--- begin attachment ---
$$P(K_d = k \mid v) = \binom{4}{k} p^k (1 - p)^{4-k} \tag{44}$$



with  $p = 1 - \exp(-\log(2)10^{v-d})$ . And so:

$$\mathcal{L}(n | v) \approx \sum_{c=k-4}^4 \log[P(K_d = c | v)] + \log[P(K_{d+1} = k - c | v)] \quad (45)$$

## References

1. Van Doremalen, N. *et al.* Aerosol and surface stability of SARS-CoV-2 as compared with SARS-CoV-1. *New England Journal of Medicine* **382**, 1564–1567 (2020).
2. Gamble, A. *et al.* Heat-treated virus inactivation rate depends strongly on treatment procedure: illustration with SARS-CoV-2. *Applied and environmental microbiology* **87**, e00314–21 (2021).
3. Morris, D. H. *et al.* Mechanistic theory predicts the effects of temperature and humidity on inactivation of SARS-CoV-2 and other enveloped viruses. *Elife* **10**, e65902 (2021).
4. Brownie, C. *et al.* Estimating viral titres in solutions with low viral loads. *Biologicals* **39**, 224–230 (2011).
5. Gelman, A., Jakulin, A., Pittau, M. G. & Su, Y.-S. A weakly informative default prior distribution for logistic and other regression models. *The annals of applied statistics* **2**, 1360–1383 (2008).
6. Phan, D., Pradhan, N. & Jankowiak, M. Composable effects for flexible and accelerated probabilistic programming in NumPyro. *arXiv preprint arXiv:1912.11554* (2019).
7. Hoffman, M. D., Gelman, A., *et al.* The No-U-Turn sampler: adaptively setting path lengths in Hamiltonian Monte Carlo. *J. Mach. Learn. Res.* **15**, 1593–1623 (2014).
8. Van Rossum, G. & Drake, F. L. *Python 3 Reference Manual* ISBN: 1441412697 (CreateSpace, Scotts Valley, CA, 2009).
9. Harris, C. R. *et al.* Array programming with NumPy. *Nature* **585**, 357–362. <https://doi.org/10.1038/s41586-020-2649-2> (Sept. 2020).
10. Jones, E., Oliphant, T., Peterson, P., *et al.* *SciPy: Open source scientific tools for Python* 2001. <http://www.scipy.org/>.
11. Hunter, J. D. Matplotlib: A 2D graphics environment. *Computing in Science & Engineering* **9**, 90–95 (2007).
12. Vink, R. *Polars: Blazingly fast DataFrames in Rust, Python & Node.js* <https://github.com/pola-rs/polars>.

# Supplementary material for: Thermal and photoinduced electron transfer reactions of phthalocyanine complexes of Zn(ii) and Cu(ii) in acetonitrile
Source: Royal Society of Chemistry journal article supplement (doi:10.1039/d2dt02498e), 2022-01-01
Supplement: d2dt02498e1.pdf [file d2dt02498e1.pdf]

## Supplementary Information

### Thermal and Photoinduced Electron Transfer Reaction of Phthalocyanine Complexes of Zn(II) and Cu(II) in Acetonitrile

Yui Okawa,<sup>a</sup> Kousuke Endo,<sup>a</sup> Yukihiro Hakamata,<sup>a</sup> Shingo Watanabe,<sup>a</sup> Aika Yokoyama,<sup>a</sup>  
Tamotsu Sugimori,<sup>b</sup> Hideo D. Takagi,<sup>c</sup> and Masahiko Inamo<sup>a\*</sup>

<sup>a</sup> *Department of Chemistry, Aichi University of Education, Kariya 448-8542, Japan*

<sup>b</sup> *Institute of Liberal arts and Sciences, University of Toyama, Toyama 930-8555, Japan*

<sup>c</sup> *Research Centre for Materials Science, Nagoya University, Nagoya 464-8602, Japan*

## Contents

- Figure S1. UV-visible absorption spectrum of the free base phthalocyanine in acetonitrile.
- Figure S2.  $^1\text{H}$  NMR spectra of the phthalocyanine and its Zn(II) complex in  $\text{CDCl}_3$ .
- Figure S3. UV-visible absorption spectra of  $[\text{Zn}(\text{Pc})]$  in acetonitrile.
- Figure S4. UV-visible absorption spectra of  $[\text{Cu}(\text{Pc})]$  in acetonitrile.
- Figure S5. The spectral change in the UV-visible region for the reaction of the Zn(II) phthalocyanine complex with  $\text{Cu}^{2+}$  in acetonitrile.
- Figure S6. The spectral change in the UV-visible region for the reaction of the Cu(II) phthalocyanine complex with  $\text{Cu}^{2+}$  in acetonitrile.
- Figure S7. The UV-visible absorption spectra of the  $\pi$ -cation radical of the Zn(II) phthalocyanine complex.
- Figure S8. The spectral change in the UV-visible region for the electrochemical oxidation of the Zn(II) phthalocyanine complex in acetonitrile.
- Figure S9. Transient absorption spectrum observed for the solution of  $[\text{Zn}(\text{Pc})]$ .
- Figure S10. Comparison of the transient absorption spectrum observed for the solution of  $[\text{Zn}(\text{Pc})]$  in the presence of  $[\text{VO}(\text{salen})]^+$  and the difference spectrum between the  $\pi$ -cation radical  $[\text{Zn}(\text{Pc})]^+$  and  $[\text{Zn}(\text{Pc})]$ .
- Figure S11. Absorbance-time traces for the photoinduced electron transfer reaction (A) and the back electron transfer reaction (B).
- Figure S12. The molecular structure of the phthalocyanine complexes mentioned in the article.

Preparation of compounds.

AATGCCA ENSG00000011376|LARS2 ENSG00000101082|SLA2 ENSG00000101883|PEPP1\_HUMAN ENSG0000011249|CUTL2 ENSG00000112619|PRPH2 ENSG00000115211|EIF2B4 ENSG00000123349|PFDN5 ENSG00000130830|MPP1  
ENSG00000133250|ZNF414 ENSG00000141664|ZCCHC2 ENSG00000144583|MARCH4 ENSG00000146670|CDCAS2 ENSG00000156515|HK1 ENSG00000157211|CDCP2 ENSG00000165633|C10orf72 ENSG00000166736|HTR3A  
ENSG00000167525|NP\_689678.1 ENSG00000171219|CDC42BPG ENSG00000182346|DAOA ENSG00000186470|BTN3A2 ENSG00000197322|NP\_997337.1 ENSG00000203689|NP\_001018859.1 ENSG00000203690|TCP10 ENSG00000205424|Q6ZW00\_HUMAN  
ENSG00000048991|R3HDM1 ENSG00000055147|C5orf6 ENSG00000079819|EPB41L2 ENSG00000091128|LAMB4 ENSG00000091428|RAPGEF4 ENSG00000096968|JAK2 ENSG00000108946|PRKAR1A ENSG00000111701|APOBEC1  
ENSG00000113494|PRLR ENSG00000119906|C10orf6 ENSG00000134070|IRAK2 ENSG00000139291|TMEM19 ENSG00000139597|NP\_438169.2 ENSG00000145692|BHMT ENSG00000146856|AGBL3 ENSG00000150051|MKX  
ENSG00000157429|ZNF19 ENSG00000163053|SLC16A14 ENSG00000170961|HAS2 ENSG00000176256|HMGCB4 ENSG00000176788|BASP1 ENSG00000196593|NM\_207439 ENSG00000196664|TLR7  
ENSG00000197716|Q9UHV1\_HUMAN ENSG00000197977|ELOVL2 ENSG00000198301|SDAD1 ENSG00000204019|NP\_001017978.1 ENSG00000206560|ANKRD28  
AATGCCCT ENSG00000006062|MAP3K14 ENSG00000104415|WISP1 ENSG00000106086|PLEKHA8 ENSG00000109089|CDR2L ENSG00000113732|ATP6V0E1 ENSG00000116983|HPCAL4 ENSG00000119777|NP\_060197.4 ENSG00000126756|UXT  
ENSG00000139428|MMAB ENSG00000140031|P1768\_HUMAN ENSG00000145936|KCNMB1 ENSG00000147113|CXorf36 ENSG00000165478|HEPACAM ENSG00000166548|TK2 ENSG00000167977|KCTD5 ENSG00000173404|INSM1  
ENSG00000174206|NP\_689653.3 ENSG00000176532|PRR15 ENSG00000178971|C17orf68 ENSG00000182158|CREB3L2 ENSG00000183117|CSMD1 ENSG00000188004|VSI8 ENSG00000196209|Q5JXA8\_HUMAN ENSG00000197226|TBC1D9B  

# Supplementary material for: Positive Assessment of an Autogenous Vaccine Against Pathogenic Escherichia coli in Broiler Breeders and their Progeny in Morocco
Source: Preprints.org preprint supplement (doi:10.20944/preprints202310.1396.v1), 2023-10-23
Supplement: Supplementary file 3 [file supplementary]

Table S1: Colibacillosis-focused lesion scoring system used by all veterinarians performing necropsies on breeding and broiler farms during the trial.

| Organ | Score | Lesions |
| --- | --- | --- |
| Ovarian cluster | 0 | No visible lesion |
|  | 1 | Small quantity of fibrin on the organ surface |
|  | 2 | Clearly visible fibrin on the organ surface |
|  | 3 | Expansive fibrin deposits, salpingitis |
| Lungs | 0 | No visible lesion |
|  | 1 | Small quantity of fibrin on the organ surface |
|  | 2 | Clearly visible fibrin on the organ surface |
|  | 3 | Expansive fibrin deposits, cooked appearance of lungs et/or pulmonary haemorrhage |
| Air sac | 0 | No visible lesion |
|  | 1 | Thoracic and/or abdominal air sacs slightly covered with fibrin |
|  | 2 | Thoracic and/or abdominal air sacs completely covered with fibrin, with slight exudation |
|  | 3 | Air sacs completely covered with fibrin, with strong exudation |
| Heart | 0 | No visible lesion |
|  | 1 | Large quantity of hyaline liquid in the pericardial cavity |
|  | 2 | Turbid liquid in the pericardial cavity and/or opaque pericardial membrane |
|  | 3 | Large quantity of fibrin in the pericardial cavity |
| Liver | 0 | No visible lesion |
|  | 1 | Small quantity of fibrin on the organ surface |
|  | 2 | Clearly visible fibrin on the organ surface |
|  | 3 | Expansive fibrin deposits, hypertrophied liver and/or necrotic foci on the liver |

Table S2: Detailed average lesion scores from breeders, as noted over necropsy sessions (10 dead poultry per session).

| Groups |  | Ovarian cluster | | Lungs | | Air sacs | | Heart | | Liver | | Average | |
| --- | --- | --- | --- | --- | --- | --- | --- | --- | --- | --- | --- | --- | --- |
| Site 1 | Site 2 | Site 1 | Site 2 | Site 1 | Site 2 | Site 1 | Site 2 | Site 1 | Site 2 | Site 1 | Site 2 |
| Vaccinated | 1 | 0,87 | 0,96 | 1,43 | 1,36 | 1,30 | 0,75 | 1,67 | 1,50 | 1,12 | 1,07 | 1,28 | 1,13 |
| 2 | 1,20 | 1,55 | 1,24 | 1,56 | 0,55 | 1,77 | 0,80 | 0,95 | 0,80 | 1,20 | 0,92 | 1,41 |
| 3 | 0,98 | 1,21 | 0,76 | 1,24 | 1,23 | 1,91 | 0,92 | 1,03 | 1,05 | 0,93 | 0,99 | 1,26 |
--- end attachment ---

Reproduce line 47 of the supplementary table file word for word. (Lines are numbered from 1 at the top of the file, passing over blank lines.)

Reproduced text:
ENSG00000197716|Q9UHV1\_HUMAN ENSG00000197977|ELOVL2 ENSG00000198301|SDAD1 ENSG00000204019|NP\_001017978.1 ENSG00000206560|ANKRD28  